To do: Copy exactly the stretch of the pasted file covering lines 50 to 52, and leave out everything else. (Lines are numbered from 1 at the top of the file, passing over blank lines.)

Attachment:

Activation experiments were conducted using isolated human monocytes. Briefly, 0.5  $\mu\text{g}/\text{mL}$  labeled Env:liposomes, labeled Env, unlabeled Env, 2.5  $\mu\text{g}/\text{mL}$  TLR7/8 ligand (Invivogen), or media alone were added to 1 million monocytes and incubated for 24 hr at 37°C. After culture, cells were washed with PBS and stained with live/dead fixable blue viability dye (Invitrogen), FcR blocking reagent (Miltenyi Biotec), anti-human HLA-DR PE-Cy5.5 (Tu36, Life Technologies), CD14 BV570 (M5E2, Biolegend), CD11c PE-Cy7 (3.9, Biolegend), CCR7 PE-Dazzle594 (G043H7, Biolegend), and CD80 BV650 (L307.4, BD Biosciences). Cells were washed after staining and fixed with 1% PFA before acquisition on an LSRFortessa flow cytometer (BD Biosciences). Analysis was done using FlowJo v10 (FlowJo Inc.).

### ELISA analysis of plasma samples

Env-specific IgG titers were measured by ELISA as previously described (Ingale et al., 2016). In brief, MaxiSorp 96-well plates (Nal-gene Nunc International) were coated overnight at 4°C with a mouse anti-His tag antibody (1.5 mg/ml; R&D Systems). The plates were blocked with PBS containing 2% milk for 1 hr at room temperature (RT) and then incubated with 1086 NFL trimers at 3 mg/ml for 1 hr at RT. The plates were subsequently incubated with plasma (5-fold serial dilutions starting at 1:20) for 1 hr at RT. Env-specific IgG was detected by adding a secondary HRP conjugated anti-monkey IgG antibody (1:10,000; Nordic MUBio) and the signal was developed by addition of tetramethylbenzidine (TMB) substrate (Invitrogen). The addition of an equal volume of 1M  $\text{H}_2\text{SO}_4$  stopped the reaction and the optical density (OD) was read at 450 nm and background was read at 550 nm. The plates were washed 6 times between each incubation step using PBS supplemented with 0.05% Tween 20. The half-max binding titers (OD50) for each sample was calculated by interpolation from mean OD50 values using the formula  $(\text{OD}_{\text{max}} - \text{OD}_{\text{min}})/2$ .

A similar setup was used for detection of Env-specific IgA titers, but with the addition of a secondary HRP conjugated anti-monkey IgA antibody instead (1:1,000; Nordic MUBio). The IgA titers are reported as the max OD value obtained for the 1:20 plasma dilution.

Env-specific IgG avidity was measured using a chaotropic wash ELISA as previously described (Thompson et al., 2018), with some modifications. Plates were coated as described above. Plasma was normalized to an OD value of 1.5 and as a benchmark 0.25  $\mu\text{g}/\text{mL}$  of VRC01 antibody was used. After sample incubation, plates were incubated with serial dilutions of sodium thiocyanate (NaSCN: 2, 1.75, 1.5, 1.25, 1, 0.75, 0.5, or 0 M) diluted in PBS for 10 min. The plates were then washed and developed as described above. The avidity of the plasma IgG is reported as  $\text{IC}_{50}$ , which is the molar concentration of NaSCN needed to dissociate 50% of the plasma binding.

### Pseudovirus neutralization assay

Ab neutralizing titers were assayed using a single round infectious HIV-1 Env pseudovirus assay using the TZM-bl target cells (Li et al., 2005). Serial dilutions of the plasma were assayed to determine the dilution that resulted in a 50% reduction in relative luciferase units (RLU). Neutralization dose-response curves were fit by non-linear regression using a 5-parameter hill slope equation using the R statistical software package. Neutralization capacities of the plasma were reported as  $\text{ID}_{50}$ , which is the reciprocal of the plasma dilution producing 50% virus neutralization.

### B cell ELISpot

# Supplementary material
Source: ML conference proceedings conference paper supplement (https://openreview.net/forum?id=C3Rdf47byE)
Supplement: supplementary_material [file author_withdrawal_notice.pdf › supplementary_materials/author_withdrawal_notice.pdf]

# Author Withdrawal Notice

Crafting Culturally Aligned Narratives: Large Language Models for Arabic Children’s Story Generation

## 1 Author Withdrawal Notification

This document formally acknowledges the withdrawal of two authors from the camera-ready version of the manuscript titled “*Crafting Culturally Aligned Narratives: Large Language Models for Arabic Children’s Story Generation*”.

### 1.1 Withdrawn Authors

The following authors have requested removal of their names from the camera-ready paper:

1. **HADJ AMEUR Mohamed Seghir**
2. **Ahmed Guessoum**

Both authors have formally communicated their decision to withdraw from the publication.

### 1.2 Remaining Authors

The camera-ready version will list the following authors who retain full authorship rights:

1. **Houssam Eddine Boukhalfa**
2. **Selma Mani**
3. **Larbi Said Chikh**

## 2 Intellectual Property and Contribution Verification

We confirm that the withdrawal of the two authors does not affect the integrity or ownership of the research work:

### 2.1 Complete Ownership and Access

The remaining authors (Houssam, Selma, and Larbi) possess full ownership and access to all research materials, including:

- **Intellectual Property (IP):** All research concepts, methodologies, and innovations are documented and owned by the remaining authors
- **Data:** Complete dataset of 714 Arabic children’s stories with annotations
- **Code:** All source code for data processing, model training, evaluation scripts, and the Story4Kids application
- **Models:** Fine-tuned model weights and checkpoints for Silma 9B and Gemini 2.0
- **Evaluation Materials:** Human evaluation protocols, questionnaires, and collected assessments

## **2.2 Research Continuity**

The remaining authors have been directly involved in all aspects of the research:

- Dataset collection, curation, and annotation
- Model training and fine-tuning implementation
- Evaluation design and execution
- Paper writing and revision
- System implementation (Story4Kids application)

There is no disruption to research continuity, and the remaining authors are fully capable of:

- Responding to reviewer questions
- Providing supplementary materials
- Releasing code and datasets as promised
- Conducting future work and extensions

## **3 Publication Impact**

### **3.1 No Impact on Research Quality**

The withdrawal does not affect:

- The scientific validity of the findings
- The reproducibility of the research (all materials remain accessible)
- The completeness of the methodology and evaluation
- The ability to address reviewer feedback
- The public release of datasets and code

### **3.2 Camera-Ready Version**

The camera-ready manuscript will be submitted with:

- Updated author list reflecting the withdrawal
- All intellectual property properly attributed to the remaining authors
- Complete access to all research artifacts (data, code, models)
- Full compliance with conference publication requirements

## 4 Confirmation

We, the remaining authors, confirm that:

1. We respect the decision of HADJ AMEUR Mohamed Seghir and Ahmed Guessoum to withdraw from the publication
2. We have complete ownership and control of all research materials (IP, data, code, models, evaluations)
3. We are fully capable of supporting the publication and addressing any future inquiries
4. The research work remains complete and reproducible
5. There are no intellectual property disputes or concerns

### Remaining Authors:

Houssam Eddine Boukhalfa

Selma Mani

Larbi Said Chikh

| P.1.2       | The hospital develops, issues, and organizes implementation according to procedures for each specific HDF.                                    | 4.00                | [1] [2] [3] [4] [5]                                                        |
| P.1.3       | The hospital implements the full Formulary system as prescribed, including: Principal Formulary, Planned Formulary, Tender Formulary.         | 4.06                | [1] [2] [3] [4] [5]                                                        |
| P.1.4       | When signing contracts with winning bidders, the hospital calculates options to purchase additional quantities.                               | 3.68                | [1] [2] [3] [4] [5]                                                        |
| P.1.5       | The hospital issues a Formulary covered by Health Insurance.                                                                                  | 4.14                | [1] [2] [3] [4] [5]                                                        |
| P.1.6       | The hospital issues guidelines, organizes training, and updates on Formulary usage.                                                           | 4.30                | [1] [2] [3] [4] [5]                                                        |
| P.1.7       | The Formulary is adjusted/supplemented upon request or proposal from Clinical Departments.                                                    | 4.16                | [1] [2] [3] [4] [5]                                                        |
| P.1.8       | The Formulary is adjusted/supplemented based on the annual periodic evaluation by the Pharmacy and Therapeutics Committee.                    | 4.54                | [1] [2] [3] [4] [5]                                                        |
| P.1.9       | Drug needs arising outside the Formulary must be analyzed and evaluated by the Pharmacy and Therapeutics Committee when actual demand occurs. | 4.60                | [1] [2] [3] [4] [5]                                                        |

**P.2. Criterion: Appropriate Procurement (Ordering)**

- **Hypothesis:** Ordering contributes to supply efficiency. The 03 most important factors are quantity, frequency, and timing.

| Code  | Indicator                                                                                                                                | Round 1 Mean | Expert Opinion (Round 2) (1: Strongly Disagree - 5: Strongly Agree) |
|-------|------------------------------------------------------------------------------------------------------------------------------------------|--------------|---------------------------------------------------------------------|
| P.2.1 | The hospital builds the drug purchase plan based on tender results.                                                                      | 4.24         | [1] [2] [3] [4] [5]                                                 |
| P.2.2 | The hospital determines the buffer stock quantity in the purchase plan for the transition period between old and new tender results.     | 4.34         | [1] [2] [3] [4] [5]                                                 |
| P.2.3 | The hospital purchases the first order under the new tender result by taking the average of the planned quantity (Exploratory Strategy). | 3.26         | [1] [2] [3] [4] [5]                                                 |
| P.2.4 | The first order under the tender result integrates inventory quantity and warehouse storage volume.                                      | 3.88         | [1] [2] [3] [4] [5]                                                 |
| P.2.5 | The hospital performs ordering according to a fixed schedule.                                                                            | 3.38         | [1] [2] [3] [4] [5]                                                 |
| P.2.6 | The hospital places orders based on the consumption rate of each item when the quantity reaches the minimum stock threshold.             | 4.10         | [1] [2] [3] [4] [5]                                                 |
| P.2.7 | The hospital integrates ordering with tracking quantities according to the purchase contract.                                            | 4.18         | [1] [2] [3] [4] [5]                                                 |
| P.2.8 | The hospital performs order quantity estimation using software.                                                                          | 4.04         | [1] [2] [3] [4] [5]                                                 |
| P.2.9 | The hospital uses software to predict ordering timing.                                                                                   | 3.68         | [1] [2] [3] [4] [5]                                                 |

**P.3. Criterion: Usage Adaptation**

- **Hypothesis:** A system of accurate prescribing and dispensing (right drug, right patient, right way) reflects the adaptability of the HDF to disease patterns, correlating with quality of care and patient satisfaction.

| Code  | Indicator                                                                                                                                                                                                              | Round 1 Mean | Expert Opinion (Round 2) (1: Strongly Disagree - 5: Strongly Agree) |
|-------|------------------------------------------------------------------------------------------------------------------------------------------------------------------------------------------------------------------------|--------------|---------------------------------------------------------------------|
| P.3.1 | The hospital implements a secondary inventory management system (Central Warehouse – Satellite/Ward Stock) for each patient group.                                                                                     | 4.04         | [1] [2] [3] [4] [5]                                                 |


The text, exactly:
- The scientific validity of the findings
- The reproducibility of the research (all materials remain accessible)
- The completeness of the methodology and evaluation